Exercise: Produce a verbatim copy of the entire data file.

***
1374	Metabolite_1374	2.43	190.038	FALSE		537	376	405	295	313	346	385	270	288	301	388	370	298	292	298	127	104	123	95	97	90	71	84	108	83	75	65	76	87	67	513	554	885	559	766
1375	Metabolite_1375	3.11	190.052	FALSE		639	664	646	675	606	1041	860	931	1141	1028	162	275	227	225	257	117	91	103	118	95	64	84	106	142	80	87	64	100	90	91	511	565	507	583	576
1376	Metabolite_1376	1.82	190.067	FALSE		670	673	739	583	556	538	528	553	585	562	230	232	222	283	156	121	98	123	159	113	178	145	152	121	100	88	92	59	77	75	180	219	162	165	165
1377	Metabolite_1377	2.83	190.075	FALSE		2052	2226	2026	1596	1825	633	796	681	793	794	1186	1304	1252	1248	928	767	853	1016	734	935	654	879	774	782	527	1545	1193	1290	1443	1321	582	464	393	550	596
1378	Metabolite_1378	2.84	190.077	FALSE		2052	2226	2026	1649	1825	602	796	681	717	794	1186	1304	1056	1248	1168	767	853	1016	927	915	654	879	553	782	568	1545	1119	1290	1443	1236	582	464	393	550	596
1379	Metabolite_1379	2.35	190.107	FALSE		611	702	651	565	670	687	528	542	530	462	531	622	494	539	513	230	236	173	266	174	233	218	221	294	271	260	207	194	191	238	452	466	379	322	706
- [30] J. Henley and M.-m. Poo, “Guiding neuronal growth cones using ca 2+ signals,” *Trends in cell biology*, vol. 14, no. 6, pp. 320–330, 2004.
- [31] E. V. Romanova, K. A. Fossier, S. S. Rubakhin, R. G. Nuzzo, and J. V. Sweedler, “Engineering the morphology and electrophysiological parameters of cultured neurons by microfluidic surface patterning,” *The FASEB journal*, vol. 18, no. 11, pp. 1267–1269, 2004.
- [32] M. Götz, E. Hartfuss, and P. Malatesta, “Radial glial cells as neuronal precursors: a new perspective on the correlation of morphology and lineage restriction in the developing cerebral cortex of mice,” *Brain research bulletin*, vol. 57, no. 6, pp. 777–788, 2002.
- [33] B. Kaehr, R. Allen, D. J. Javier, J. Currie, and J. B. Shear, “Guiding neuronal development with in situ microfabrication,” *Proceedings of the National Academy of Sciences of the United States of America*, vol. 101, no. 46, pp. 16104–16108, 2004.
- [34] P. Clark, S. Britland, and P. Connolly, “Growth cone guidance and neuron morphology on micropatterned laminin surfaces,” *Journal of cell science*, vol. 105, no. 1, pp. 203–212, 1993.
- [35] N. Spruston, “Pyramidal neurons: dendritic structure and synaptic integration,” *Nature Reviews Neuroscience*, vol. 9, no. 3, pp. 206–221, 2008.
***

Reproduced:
1374	Metabolite_1374	2.43	190.038	FALSE		537	376	405	295	313	346	385	270	288	301	388	370	298	292	298	127	104	123	95	97	90	71	84	108	83	75	65	76	87	67	513	554	885	559	766
1375	Metabolite_1375	3.11	190.052	FALSE		639	664	646	675	606	1041	860	931	1141	1028	162	275	227	225	257	117	91	103	118	95	64	84	106	142	80	87	64	100	90	91	511	565	507	583	576
1376	Metabolite_1376	1.82	190.067	FALSE		670	673	739	583	556	538	528	553	585	562	230	232	222	283	156	121	98	123	159	113	178	145	152	121	100	88	92	59	77	75	180	219	162	165	165
1377	Metabolite_1377	2.83	190.075	FALSE		2052	2226	2026	1596	1825	633	796	681	793	794	1186	1304	1252	1248	928	767	853	1016	734	935	654	879	774	782	527	1545	1193	1290	1443	1321	582	464	393	550	596
1378	Metabolite_1378	2.84	190.077	FALSE		2052	2226	2026	1649	1825	602	796	681	717	794	1186	1304	1056	1248	1168	767	853	1016	927	915	654	879	553	782	568	1545	1119	1290	1443	1236	582	464	393	550	596
1379	Metabolite_1379	2.35	190.107	FALSE		611	702	651	565	670	687	528	542	530	462	531	622	494	539	513	230	236	173	266	174	233	218	221	294	271	260	207	194	191	238	452	466	379	322	706
- [30] J. Henley and M.-m. Poo, “Guiding neuronal growth cones using ca 2+ signals,” *Trends in cell biology*, vol. 14, no. 6, pp. 320–330, 2004.
- [31] E. V. Romanova, K. A. Fossier, S. S. Rubakhin, R. G. Nuzzo, and J. V. Sweedler, “Engineering the morphology and electrophysiological parameters of cultured neurons by microfluidic surface patterning,” *The FASEB journal*, vol. 18, no. 11, pp. 1267–1269, 2004.
- [32] M. Götz, E. Hartfuss, and P. Malatesta, “Radial glial cells as neuronal precursors: a new perspective on the correlation of morphology and lineage restriction in the developing cerebral cortex of mice,” *Brain research bulletin*, vol. 57, no. 6, pp. 777–788, 2002.
- [33] B. Kaehr, R. Allen, D. J. Javier, J. Currie, and J. B. Shear, “Guiding neuronal development with in situ microfabrication,” *Proceedings of the National Academy of Sciences of the United States of America*, vol. 101, no. 46, pp. 16104–16108, 2004.
- [34] P. Clark, S. Britland, and P. Connolly, “Growth cone guidance and neuron morphology on micropatterned laminin surfaces,” *Journal of cell science*, vol. 105, no. 1, pp. 203–212, 1993.
- [35] N. Spruston, “Pyramidal neurons: dendritic structure and synaptic integration,” *Nature Reviews Neuroscience*, vol. 9, no. 3, pp. 206–221, 2008.